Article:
• Key point. Parsonages are exempt from property taxation in some states.
* New York’s highest court ruled that four parsonages owned by a church were all exempt from property tax since they were occupied by “officiating clergy” employed by the church. New York law exempts from property tax “property owned by a religious corporation while actually used by the officiating clergymen thereof for residential purposes shall be exempt from taxation.” A church owned four residences, each of which was occupied by an assistant pastor. A local tax assessor refused to exempt these properties from tax on the ground that the term “officiating clergyman” should be construed to mean the “spiritual and settled leader” of a church. The church appealed.
The New York Court of Appeals (the highest state court) noted that the city was claiming that there is only one officiating clergyman per congregation—the minister who “has ultimate supervisory authority over the other clergy,” and that in the city’s view an “assistant pastor,” by virtue of title alone, can rarely constitute officiating clergy within the meaning of the statute.
The court “declined to read the statute so narrowly.” It conceded that “officiating clergymen” does not mean all clergymen. But “neither does it mean only one clergy person who presides over subordinates. Rather, we construe officiating as looking outward to a cleric’s relationship with his or her congregation, and not to the hierarchical structure of the various clergy persons. Thus, a full-time, ordained member of the clergy who presides over an established church’s ecclesiastical services and ceremonies, conducts weddings and funerals, and administers the sacraments of the church—in short, one who officiates—is entitled to the statutory tax exemption.”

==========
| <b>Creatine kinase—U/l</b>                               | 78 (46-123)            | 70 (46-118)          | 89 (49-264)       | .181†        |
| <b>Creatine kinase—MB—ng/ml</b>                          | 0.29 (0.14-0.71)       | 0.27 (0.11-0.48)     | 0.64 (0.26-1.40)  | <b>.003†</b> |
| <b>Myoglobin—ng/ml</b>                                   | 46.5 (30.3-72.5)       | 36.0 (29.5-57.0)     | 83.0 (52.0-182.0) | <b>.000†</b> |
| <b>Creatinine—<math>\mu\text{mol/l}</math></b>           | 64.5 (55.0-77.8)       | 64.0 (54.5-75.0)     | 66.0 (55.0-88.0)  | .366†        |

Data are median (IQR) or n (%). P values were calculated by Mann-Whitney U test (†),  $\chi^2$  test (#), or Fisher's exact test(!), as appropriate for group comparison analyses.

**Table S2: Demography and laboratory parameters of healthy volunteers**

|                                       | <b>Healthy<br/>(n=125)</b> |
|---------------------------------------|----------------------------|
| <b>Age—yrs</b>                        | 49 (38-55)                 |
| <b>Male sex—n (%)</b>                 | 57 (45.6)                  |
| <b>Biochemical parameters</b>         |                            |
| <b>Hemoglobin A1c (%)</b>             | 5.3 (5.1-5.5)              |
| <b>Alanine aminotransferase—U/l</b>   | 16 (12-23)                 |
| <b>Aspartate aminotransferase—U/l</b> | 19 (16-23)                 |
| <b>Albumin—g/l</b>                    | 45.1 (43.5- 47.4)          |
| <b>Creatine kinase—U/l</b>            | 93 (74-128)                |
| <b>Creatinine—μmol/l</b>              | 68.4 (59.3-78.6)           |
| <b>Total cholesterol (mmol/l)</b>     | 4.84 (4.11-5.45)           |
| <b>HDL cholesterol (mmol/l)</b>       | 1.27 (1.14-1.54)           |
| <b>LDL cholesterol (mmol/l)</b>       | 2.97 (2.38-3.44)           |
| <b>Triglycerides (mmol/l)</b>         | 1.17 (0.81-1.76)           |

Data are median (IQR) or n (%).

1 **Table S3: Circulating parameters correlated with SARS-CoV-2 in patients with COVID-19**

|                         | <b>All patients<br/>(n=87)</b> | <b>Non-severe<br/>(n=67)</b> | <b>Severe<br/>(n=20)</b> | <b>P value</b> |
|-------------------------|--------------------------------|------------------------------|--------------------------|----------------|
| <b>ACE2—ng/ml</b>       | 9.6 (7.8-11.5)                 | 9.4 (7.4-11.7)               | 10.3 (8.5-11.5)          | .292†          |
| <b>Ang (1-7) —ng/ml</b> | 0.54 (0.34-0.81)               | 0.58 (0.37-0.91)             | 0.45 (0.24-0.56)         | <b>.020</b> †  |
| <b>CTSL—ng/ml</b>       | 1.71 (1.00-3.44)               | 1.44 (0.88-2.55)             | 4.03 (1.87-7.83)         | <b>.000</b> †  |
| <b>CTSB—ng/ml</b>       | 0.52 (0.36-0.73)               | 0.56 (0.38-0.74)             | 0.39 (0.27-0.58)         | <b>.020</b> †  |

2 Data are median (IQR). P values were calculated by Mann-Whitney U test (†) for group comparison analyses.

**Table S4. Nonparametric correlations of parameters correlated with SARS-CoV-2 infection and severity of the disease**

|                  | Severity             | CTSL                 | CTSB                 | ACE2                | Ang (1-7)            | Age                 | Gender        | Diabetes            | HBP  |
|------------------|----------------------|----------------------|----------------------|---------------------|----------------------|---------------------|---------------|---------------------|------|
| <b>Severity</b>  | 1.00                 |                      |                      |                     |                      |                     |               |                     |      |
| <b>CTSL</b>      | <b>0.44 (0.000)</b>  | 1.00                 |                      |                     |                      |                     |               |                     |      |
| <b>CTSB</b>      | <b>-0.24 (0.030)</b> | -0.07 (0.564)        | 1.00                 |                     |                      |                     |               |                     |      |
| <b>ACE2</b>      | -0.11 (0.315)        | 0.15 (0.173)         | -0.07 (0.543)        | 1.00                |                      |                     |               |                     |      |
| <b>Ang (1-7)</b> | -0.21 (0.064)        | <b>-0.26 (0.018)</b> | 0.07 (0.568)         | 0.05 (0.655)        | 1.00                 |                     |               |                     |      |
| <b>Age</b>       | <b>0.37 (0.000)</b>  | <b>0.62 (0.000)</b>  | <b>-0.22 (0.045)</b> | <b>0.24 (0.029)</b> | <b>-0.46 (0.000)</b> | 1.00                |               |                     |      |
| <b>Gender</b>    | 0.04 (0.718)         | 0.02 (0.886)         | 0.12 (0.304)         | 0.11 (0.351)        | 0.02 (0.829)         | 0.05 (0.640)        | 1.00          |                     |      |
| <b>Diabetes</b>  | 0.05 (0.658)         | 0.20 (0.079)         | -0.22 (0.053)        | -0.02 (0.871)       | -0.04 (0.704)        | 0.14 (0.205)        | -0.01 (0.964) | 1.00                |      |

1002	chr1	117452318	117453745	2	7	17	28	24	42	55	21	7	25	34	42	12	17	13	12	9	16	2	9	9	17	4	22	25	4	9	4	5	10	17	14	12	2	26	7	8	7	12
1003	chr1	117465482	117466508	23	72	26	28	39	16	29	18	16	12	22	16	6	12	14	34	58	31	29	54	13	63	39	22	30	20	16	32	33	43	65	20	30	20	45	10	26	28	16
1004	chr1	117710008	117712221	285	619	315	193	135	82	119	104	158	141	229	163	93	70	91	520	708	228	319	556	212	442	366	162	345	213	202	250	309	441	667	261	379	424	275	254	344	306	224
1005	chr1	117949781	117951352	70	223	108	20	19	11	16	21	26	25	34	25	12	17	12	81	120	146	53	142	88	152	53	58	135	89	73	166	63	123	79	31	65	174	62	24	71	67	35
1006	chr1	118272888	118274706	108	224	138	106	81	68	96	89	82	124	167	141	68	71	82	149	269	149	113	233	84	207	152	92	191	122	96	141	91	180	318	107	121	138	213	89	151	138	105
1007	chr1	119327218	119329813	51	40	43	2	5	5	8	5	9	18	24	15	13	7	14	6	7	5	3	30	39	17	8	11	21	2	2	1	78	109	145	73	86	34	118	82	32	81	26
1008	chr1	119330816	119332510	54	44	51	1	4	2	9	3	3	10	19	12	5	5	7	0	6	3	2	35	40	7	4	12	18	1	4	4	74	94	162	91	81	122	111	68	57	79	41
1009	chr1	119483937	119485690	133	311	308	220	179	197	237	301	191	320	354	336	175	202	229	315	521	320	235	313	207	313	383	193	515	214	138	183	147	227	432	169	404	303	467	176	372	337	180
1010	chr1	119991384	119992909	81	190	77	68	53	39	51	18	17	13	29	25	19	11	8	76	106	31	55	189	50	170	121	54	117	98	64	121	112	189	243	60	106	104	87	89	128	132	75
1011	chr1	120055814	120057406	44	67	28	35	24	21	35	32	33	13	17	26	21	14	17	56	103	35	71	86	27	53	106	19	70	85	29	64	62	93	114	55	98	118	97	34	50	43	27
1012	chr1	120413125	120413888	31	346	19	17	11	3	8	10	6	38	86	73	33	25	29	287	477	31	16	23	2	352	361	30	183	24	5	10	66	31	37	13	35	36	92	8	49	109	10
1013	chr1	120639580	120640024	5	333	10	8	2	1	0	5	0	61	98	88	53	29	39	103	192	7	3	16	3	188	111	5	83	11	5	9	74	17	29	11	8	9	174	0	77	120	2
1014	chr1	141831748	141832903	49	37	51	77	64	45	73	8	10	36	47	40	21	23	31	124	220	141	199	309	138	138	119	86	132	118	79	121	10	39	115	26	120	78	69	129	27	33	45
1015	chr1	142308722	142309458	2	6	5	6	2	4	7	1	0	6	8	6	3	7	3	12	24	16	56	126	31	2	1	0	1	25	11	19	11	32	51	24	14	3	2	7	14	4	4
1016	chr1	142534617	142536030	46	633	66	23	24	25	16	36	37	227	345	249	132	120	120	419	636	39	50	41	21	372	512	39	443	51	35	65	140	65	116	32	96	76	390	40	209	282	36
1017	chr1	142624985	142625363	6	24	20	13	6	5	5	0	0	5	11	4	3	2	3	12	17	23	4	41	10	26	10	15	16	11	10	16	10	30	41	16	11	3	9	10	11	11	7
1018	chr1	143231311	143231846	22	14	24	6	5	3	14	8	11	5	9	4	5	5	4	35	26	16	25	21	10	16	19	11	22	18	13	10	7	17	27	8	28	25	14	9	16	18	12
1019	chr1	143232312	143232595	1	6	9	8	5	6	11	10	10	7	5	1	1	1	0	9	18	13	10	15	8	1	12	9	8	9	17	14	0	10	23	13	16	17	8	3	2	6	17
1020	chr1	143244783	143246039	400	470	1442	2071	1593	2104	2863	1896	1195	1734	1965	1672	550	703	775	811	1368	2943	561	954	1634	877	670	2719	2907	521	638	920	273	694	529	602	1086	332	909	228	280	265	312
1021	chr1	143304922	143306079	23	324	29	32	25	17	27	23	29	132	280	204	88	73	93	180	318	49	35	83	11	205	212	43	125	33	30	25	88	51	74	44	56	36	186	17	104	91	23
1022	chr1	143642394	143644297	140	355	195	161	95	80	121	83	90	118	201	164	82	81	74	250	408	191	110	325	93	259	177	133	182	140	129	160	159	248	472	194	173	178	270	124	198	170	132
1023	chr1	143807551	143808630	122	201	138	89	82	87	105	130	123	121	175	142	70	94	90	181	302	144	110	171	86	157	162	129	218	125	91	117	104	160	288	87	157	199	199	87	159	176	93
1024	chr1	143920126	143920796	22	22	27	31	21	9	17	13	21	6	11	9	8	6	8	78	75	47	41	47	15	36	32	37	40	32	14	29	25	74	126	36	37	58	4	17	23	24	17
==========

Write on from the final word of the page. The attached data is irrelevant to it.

The court concluded that the church “is entitled to a parsonage exemption for each of the four properties.” It “declined to hold that the mere designation of one of the pastors here as the ‘Senior Pastor’ means that as a matter of law he and he alone is the officiating clergy. All of the pastors, including those living at the residences in question, were ordained and held no outside employment. All took part in church services and shared in the preaching. All provided marital counseling, officiated at marriages and funerals, and administered the sacraments recognized by the church. They also ministered to the youth of the church and took part in outreach to the homeless. Indeed, the pastors ministered to at least 2,000 people weekly. Because the pastors’ salaries are low, [the church] provides them with housing, located near the church. We thus reject the city’s argument that the residents in question are not officiating clergy.” Word of Life Ministries v. Nassau County, 787 N.Y.S.2d 705 (N.Y. 2004).
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